Balwyn Theatre was soon the victim of Melbourne’s crime wave in the 30s, though. A gang broke into the theatre in June 1930 and set fire to the curtains and stage fittings after ransacking the manager’s office and stealing beer, whisky, cigars and cigarettes. Police reckoned the fire might have been lit in frustration at finding no money. A neighbour in the house next door set the alarm and the local fire brigade saved the theatre as a whole from burning down just weeks after opening.

There was another break-in some years later, in 1947, this time the police getting there in good time, with a gunshot pursuit in and around the theatre, with one man arrested in the downstairs stalls. They had put gelignite in the key hole of the theatre safe and clearly planned an explosive entry. Four were arrested the same day, and a fifth a few days later in a street incident which reminded me of a 1970s Z Cars (UK equivalent of Homicide in Australia). The fifth man later died in hospital, though not from gunshot wounds – it was his barefoot escape from the Balwyn Theatre which was his downfall, contracting tetanus from a cut in the foot.


And an armed gang stole money from a cash till at the theatre in 1953, so news of violent gangs around Melbourne is nothing new, though you wouldn’t believe it from some of the 2019 news reports recently…

Other links and writings on the Balwyn Theatre

The Cinema Treasures website has an entry on the Balwyn Theatre. I loved the comment from one reader telling that the cinema had to close for some months over 1931-32 because it had failed some public health inspections. Nothing on that in Trove, though apparently the owners went into liquidation at the time.

The Discover Your Own Backyard website has an entry on Balwyn, with only a brief mention of the cinema, but lots of ideas on what to do in the area before or after the film.

This Herald Sun article from 2015 discusses renovations of the Balwyn, with some historical references too.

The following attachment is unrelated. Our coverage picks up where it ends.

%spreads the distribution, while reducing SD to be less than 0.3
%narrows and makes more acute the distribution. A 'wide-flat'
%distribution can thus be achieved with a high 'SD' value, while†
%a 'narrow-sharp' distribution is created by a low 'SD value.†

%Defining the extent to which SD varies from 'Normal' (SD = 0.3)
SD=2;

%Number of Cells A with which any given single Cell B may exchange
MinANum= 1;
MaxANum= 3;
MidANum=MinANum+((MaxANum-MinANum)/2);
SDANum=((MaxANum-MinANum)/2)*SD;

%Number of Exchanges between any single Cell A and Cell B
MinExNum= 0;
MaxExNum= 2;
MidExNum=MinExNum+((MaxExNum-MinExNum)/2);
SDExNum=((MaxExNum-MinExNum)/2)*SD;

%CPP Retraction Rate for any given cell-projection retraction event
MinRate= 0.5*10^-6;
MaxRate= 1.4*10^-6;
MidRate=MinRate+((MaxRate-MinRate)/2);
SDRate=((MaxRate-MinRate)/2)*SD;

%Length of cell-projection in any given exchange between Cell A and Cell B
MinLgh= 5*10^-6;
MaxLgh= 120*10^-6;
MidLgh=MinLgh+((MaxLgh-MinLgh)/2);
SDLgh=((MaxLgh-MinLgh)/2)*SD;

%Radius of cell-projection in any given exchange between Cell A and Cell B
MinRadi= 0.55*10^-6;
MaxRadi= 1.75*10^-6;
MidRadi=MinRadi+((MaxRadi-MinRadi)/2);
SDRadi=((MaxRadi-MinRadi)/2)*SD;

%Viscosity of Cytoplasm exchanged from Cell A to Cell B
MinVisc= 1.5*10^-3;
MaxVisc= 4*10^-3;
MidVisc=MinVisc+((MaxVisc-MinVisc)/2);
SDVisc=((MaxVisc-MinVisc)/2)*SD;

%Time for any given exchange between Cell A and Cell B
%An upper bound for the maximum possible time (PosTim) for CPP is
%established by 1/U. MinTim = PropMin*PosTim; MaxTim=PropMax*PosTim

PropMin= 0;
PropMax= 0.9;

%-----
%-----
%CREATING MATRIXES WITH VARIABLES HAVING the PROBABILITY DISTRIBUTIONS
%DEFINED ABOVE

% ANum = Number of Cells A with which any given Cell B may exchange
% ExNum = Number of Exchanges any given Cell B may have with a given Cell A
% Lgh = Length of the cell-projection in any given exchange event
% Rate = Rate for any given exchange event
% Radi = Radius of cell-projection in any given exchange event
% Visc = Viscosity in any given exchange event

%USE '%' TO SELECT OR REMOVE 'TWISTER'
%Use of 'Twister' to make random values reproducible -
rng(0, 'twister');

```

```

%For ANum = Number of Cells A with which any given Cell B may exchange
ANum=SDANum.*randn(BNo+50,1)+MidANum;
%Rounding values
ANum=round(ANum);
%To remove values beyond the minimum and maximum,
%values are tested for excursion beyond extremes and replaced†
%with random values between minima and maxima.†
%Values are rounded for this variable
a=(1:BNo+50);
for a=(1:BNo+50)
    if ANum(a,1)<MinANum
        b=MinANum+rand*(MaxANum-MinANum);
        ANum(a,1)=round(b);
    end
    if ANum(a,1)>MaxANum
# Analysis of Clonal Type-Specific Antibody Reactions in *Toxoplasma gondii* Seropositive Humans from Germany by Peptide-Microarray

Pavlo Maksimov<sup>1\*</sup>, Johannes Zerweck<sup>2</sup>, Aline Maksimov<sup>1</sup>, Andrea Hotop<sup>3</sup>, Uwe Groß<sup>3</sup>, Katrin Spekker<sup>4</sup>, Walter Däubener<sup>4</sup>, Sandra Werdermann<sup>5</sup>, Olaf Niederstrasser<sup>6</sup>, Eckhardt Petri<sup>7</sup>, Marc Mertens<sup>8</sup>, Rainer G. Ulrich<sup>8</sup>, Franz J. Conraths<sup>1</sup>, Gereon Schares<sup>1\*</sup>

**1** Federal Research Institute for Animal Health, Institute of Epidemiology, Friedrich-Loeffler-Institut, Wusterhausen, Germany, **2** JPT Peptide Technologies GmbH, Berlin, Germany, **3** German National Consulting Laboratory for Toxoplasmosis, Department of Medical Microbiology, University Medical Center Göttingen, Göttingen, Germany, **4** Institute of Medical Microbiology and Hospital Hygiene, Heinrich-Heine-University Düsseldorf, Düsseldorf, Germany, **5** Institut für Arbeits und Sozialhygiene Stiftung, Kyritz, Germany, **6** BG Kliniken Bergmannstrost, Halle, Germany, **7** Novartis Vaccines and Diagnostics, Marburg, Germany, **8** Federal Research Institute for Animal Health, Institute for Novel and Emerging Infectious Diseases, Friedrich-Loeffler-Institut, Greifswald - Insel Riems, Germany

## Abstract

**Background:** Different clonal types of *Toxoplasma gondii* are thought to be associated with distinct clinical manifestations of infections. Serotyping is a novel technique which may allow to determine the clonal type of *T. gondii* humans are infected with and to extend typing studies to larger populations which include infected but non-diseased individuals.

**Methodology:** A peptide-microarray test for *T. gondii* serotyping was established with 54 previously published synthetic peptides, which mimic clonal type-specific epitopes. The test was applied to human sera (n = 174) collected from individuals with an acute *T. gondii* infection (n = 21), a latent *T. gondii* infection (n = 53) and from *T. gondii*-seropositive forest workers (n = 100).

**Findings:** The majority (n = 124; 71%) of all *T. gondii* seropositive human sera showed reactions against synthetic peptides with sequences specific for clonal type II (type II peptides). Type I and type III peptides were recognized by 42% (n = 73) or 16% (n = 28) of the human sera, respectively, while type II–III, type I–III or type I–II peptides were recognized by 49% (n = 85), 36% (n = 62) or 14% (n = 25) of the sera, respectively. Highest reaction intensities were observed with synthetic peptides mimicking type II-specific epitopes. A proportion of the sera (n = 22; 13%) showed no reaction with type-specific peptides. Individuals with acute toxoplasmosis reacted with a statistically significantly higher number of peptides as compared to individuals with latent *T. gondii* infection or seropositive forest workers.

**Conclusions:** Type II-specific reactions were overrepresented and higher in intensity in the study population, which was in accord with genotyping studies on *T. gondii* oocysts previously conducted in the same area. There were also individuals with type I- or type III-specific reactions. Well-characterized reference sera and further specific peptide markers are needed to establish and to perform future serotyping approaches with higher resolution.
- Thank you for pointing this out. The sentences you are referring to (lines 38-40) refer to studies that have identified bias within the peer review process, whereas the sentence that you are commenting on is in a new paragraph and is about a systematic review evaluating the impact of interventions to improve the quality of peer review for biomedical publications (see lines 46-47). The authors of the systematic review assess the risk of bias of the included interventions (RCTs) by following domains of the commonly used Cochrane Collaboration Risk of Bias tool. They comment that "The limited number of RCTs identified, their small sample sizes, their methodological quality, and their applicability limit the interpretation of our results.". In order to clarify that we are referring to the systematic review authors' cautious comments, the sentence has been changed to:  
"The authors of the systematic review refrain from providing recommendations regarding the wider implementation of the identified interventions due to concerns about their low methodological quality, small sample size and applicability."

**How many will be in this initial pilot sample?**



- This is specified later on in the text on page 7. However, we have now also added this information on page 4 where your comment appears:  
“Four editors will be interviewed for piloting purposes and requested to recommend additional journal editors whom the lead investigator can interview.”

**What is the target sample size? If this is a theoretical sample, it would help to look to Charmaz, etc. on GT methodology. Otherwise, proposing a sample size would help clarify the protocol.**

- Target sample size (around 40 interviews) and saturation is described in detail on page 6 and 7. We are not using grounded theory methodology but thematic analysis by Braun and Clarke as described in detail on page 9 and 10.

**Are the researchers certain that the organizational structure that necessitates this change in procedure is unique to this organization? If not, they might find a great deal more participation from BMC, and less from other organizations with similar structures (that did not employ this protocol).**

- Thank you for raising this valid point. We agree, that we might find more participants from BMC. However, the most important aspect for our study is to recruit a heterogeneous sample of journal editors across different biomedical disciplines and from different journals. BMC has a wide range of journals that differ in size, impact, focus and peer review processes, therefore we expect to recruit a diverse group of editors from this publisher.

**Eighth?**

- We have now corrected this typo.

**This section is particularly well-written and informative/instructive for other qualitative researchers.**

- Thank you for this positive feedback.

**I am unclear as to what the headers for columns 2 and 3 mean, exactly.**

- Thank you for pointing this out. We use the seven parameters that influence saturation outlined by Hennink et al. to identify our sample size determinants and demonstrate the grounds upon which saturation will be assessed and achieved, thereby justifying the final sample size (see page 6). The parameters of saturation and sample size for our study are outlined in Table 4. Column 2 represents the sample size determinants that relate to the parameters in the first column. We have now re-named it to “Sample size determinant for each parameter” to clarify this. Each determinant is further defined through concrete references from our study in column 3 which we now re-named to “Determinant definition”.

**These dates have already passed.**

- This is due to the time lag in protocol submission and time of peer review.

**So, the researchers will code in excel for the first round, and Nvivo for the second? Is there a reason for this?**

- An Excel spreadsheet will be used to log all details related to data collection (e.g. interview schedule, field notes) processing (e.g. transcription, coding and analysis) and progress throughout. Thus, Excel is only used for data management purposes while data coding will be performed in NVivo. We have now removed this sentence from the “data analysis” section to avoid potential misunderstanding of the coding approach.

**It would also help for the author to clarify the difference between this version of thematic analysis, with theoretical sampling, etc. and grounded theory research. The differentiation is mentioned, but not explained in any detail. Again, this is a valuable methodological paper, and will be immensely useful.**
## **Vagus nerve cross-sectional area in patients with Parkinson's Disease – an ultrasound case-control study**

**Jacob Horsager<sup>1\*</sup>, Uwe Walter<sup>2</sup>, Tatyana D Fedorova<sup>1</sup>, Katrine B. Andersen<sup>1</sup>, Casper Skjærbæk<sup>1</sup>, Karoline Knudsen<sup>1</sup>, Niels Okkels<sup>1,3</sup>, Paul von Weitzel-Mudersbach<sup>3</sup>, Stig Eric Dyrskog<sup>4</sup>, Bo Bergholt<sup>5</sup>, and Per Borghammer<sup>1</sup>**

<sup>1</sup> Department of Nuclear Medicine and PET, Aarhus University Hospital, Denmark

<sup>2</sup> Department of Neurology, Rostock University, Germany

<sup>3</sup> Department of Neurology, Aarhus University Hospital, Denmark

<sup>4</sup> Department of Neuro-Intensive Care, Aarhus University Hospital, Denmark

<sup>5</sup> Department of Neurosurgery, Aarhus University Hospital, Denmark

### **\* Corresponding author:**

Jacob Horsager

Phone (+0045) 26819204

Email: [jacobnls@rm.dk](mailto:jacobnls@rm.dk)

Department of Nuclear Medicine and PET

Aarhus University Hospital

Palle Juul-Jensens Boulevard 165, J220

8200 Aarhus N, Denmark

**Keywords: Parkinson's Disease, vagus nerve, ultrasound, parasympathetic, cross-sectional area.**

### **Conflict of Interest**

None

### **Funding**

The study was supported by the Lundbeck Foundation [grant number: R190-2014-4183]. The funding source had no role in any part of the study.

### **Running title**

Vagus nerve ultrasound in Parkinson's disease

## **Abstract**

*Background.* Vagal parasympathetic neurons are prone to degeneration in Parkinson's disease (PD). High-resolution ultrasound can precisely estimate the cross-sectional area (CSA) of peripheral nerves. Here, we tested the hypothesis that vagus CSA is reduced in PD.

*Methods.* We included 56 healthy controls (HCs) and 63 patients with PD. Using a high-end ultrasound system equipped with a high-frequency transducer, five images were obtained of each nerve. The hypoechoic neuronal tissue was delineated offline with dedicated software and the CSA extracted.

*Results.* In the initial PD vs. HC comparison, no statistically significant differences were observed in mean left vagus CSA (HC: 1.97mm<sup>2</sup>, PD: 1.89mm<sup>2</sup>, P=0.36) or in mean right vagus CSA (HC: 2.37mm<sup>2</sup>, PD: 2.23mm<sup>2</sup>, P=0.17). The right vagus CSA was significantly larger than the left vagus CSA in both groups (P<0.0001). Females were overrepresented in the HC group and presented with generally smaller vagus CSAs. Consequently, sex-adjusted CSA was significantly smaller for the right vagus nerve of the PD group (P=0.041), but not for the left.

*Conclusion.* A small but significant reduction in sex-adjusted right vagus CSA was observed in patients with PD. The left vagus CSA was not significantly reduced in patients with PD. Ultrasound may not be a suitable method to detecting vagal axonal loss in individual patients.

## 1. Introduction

In 2016, parking near the Balwyn Theatre became a news story when the Herald Sun covered it.

What are your memories of the Balwyn Theatre (or cinema)?

Is there anybody still around today who can remember those break-ins at the Balwyn in the 1940s and 50s? Or do you recall a more recent incident to add here?

What’s your favourite thing about the Balwyn? What’s the best film you’ve seen there? Or the biggest audience you have sat among?

Did anybody ever sit in those double sofas in the Dress Circle on a ‘Romeo’ date, or hear their grandparents tell the tale?

Coffee or tea before the pic or after?

For once we would recommend coffee or tea in the cinema café. These in-house places don’t usually do a good enough quality cuppa for us, but at the Balwyn it’s a really good experience, with quality coffee and great décor. So we didn’t try any other coffee shops in Balwyn this time.



6 thoughts on “Balwyn Theatre

  1. All suburban cinemas had Sat afternoon matiees’ for kids 1940s -50s but when TV came in they slowly stopped they were great fun.
    I think they would cost about 1 shilling in the 1950s.
    The kids used to give the ushers hell being very rowdy at times.

    1. I bet the kids gave the ushers hell. But it does sound fun to be packed off to the matinee back then. Thanks for sharing, Brian

  2. My father had the Confectionery Shop at the Balwyn Theatre in the late 30’s. My parents married on the 23rd December 1939 and managed a couple of days for their honeymoon as the theatre was closed over Christmas. I know they made ice blocks, as my brother Richard, born September 1940, got into the ice blocks – so none for sale that night. Dad, Howard Setford, also had a radio shop where Betty Eustice moved into later – 2 shops west of the ANZ bank on the corner of Rochester Road. I later worked next door at the bakery -can’t quite remember the name but great Scottish baps!!! Dad had to close the business as he was seconded into the army to work on development of radar – I know nothing of this, can’t find any info! – so I guess the shop provided an income. Long memories of the Theatre, as I passed it many times each week growing up – school, Sunday School, Guides, and later sport, dances, and shopping with my children…
    Relatives are still regular attendees at the theatre.

    1. Fantastric memories, Helen. Great that you have rellies who still attend. And funny coincidence: My Dad also worked on experimental radar during the war. But I guess there were boffins like him and your Dad all over the world at that time working on something that was brand new, and they’d never get to meet. Shame they didn’t have soial media back in the 1950s so they could all share stories…

  3. Oh, the other cinema had the Saturday afternoon matinees in the late 1950’s, when I was finally given permission to attend – Hoyts on corner of Irramoo Street.